There’s a handful of names which roll off the tongue when talking about fashion designers of the twentieth century. Dior, Chanel, Quant, Balenciaga, to name a few. But there’s one other name which deserves to be spoken of in the same league, and that is the oh-so-innovative Mr Charles James.
Born in the UK in 1906 to an English Father and American Mother, James moved to Chicago as a young man and worked in the offices of a family friend. After putting on a fashion show for fun (which consisted of Batik beach wraps) the family friend saw talent in James and moved him to the Architecture department. There he learnt the mathematics and structural skills which he would later utilise in his dress designs. James went on to work in fashion from the 1920’s onwards. He soon became the first Parisian style Couturier the US had seen, having such influence on fashion design that his contemporary, Dior, remarked that James was ‘the greatest talent of my generation’. That’s quite some claim when you consider that in his 45 year career, James only produced around 100 garments. But such was the magnificence of his designs, he earned every bit of recognition, and continues to inspire designers to this day, including my favourite; Zac Posen. Charles James deserves to be up there with the most well known names of the century.
In particular, James was known for ballgowns – and mY GoSH, do I loooove vintage ballgowns – winning high society clients in both the US and Europe. If you wanted to be seen in a ground breakingly beautiful gown, James was the man you needed to have on speed dial. Or rather the old fashioned equivalent. Either way, if James made you a dress, you would WOW. Fact.
During his career, James proved to be a pioneer of design, adopting an innovative approach to the structure of each garment. His dresses weren’t simply made, they were engineered and sculpted with complex corsetry and draping. He developed a signature ‘Wall of Air’ in his dresses to hold the fabric away from the body, allowing these heavy works of art to sit comfortably on the wearer. He loved a bustle (don’t we all?) and gave numerous nods to the Victorian silhouette. He wasn’t only a leader in the sense of shape, he was also the first designer of his time to use zippers, snaps, synthetic fabrics, and unusual pairings of colours. Without James, I reckon we could be looking at quite a different history of fashion.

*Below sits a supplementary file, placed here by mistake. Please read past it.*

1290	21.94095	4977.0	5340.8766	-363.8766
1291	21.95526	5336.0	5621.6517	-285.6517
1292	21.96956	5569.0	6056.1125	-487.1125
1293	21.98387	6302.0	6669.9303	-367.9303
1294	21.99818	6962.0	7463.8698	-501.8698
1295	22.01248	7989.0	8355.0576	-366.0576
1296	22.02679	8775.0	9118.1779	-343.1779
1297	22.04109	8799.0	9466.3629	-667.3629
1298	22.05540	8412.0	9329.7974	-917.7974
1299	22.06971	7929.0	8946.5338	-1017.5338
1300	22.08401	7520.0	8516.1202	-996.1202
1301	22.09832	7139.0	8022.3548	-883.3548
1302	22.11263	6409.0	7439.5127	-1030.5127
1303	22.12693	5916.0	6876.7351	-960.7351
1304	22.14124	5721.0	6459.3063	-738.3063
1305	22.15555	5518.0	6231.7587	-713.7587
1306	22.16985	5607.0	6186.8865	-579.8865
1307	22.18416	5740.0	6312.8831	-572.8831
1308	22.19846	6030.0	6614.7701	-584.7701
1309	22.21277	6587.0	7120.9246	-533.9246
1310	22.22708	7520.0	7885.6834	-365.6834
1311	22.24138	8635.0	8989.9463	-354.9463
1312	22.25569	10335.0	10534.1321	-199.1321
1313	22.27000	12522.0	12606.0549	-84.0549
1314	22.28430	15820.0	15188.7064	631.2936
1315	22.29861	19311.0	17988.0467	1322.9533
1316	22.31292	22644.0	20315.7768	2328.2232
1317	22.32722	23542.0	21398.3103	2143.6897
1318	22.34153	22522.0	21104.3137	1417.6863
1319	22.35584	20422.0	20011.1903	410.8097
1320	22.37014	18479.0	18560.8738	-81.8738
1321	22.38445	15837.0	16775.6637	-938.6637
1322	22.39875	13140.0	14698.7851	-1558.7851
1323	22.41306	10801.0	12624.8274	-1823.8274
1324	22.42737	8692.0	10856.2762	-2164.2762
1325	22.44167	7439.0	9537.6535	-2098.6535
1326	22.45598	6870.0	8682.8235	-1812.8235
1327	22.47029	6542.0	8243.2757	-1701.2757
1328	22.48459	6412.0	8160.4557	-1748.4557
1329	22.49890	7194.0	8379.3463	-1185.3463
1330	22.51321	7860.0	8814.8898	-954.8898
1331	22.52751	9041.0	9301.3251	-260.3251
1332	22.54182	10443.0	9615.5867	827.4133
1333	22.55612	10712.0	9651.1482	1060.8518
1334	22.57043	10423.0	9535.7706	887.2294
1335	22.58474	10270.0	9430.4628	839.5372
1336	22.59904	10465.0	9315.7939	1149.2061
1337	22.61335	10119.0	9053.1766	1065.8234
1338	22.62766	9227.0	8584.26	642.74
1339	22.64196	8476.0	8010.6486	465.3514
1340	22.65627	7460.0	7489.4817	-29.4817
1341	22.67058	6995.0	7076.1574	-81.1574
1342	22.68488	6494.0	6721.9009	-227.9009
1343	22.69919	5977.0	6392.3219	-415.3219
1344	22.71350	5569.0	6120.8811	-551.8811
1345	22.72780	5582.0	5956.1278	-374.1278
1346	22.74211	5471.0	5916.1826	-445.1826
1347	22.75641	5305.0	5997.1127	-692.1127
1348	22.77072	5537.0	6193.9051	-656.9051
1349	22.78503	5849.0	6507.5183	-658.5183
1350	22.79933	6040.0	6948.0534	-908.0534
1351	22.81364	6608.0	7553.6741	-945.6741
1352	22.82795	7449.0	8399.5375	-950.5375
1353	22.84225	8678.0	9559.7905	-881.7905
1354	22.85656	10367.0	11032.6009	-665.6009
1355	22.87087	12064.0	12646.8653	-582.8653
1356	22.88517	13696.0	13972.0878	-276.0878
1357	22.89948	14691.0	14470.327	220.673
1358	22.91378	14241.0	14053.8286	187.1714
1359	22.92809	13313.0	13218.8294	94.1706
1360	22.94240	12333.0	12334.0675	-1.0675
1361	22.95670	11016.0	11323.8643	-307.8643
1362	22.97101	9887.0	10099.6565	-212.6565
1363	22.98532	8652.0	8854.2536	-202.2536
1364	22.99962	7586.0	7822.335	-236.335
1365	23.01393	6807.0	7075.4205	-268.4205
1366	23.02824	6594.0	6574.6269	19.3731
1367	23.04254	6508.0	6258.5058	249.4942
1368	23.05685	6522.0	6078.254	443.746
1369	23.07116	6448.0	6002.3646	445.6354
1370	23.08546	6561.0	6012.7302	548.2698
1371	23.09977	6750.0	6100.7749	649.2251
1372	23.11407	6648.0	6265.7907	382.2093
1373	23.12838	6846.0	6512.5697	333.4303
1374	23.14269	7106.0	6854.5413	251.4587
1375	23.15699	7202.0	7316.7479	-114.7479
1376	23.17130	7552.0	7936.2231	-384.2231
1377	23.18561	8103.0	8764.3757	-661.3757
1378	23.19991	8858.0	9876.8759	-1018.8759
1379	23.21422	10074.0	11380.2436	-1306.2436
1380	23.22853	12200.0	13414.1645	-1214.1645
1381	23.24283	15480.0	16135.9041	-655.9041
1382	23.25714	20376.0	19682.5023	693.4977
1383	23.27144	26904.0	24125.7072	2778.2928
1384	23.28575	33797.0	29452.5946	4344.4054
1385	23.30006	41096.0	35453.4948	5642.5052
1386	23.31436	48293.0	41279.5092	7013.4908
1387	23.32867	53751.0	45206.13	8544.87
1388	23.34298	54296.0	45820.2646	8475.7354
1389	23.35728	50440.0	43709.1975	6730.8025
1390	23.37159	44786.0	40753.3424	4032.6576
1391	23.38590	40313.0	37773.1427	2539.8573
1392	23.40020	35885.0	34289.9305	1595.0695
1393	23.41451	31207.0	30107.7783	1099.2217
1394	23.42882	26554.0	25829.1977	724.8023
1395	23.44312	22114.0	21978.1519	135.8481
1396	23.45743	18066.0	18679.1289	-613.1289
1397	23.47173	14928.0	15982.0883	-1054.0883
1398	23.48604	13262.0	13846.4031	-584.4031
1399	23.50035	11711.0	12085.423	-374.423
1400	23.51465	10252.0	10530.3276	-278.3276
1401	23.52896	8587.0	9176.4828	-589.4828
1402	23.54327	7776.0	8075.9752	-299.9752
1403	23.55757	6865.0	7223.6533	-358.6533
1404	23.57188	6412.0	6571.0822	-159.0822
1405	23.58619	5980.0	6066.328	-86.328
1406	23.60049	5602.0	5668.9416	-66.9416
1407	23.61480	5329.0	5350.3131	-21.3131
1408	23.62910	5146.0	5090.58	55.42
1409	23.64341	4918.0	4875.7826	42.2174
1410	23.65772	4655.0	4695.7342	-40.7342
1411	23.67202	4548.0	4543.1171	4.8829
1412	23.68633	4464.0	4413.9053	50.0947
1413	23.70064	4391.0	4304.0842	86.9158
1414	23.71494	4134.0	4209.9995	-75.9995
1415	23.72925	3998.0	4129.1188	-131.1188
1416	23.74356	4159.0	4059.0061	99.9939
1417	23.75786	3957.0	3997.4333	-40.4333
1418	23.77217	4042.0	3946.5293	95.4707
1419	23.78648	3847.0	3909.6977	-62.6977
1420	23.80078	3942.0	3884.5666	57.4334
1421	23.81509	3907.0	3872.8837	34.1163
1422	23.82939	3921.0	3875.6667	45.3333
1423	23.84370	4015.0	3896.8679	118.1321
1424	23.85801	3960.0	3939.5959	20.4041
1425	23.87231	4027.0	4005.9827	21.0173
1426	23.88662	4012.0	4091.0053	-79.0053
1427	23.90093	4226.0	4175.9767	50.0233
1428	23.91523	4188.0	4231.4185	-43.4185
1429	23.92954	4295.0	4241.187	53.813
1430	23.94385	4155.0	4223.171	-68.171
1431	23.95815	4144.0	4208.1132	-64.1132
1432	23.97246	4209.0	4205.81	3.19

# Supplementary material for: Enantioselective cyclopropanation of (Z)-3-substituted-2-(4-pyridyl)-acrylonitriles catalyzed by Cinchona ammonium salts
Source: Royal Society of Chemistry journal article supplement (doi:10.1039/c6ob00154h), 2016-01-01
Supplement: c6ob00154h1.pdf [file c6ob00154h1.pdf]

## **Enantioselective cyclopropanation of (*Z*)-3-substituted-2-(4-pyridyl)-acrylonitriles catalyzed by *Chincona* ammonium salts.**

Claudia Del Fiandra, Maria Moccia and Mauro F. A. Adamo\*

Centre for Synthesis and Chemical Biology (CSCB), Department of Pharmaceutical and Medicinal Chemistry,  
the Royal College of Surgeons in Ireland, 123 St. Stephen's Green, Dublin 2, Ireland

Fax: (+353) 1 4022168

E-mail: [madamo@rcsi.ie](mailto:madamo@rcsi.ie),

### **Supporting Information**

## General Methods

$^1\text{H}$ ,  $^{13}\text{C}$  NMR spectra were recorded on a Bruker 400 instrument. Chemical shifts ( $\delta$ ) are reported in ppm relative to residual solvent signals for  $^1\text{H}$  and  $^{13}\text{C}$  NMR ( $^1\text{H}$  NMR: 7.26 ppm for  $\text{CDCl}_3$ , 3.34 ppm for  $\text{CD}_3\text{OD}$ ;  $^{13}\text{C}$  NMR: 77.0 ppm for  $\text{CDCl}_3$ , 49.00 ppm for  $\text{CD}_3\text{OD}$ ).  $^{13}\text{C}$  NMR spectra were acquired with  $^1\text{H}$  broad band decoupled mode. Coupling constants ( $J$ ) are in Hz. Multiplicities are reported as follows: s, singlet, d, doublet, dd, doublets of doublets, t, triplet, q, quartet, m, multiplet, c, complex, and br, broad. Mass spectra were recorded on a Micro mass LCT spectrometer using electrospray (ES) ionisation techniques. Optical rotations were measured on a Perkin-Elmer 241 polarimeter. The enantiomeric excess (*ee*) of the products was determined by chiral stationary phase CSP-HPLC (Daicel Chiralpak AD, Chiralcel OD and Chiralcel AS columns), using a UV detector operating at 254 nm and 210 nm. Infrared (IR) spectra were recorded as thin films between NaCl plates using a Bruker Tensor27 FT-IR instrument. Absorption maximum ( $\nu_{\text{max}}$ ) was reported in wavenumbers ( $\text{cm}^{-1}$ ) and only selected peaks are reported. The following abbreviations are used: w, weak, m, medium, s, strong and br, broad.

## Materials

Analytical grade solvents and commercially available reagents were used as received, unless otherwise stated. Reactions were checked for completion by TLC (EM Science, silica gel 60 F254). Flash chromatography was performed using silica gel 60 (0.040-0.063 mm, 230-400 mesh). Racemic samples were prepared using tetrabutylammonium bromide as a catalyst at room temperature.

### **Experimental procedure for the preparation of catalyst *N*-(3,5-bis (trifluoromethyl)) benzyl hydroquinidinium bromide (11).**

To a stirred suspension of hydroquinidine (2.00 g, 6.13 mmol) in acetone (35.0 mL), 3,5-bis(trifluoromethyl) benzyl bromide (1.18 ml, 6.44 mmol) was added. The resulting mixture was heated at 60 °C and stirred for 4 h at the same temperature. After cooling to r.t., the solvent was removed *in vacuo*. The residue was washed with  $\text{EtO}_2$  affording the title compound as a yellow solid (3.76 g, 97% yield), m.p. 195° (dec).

James is best known for a few of his signature dresses, all of which paved the paths of future designers.
Clover Leaf Dress, 1953
The Clover Leaf dress is astounding, and quite possibly his most praised. Made in satin, it was constructed from four sections (torso, upper skirt, middle section of the skirt, and the hem) and the base has four corners resembling a clover leaf. James’ designs were often derived from the beauty of nature, and he always interpreted it in such a modern and original way. He first designed the Clover for Austine Hearst to wear to the 1953 Eisenhower Inaugural Ball. This 10lb gown sat balanced on the hips and made a sweeping statement. Deemed too bulky for that occasion, Hearst ended up wearing it to the Coronation of Queen Elizabeth II instead. A worthy wear, in my opinion. James made six black and white clover dresses during his career.
Butterfly Dress, 1955
Another dress inspired by nature, James’ Butterfly dress is a sensation. Once you know that it’s designed in reference to a Butterly form, you can see it. The slim column body with the layered transparent tulle as wings. Incredibly elegant, James formed a higher torso and bust line than usual to accentuate its length and proportions. This earthy tone was so novel for evening wear, but brown was soon secured as a perfect palette for future fashions.
Taxi Dress, 1932
Many credit Diane von Furstenberg for creating the infamous ‘wrap dress’ in the 70’s. But way before she was even born, James had already created the style. He actually first developed it in 1929 and went back to fully realise the design in 1932 when it got stocked in small amounts in department store, Best & Co. It was a highly wearable piece and was made with modern women in mind; the idea being that it was easy to take on and off in the back of a taxi! Formed from one piece of seamless fabric, it had a spiral zipper and three clasp hooks to anchor it at the hip. Just. Genius. And, way to go for making life easier for the gals!
Charles James is high up there in my top 5 favourite designers of his era. The drama of the designs, the show stopping extravagance, twinned with an original flattery of the female form, means that his work thrills my eyes. And when you add to all that the fascinating construction behind each idea, well, it’s just dreamy for any vintage lover.
Stunning, and with a story. Perfect.
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